A video by Islamic State leader Abu Bakr al-Baghdadi (file picture) was among the extremist material allegedly found on a laptop belonging to one of the men at home

A video by Islamic State leader Abu Bakr al-Baghdadi (file picture) was among the extremist material allegedly found on a laptop belonging to one of the men at home

Much of the evidence in the case came from social media and private messages on WhatsApp and the encrypted Telegram, he said.

Telegram messages between Ali, Hussain and Rahman were 'highly significant', the prosecutor said.

'Defendant in row over wearing poppies' 

One of the defendants accused the British Army of 'raping women and killing children' during a row over wearing poppies, the jury heard today.
Khobaib Hussain allegedly lashed out at a group of students in Birmingham city centre in the run-up to Remembrance Sunday.
In the period leading up to the day in 2015, Hussain got into a row with some young students in Birmingham, the Old Bailey heard.
Gareth Patterson QC, prosecuting, said: 'It appears that he objected to one of them wearing a poppy
'He started stating those who had sacrificed their lives, in his opinion, the poppy didn't represent that.'
He claimed the poppy was representative of killings carried out by the British government, jurors heard.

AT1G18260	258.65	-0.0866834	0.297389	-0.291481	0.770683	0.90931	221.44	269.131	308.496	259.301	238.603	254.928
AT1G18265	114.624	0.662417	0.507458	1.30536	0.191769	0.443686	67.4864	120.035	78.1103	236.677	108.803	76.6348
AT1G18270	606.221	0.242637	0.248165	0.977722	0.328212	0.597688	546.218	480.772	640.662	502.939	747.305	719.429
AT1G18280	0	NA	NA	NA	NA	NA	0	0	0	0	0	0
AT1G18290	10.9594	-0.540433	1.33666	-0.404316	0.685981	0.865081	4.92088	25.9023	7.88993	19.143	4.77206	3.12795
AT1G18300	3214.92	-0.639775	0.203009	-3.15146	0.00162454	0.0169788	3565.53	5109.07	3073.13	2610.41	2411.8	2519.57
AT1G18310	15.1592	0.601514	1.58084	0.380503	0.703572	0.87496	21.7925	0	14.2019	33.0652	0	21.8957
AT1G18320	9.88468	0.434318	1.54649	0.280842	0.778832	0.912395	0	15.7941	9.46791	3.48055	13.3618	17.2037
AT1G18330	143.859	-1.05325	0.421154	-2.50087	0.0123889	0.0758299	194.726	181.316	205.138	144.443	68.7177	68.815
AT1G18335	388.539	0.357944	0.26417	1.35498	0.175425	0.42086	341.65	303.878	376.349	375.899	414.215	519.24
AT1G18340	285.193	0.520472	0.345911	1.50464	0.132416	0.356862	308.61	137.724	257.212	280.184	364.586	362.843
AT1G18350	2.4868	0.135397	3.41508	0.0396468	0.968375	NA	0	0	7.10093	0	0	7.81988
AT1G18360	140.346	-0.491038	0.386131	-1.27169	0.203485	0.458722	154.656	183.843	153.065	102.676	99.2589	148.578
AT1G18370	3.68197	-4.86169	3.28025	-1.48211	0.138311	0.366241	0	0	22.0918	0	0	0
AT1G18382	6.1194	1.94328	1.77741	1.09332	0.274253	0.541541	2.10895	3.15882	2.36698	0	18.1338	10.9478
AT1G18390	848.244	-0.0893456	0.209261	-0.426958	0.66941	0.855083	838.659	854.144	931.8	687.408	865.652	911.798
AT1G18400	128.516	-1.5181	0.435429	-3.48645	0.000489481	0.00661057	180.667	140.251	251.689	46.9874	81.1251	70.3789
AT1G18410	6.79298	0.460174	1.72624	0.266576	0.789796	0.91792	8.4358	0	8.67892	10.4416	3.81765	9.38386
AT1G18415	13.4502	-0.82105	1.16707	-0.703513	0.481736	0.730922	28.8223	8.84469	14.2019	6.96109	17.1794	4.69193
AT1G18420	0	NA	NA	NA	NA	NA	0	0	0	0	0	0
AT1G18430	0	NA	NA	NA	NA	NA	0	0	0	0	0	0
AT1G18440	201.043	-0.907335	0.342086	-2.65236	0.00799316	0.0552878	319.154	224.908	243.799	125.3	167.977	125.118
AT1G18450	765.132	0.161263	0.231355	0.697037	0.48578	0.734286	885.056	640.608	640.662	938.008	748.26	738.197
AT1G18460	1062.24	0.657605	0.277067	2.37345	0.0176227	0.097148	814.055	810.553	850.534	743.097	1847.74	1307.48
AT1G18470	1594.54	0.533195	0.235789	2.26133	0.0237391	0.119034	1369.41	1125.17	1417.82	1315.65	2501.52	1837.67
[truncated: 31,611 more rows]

Mr Patterson said: 'He spoke about the British Army overseas raping women and killing children. The prosecution suggest this was a defendant who had an anti-UK mindset.
'And we often see in the evidence references to 'living in a kuffar state' and derogatory comments about living in the UK, which was regarded as a kuffar state, a place of non-believers.'
A police officer later spoke to him about the incident and 'advised him about his conduct', jurors heard. 
He said: 'These were on a private message group called the Three Musketeers.

'Although Ali later changed the group photograph to the cartoon image we see there, the messages exchanged were on occasions far from humorous.'

Mr Patterson told jurors that messages on the Three Musketeers group revealed the defendants' 'frustration and their desire to take action'.

Ali, Rahman and Aziz's electronic devices also stored Al Qaeda propaganda, jurors were told.

A laptop found in Ali's bedroom held more extreme material, including a picture of Islamic State hostage Alan Henning and controversial British figure Anjem Choudary, who was convicted of encouraging support for the terror group last year.

No mobile phone was found for Hussain even though he was part of the Three Musketeers group and ordered it to be set up, the court heard.

A video by IS leader Abu Bakr al-Baghdadi was among the extremist material allegedly found on his laptop at home.

Rahman's phone contained an image of last year's terror attack in Nice in which 86 people were mown down by a truck and killed on Bastille Day.

Just a few days before his arrest, searches were made on his laptop for a documentary on the 'liquid bomb plot', the court heard.

Aziz's phone allegedly had partly deleted files on it with instructions on how to make home-made poisons and bombs.

Last week, trial judge Mr Justice Globe told jurors some secret evidence would be strictly 'for your ears only' as he explained the need for an exception to the principle of open justice in the case.

He told jurors: 'I have indicated the evidence is sensitive. I have to direct you it is for your ears only.'

The trial continues.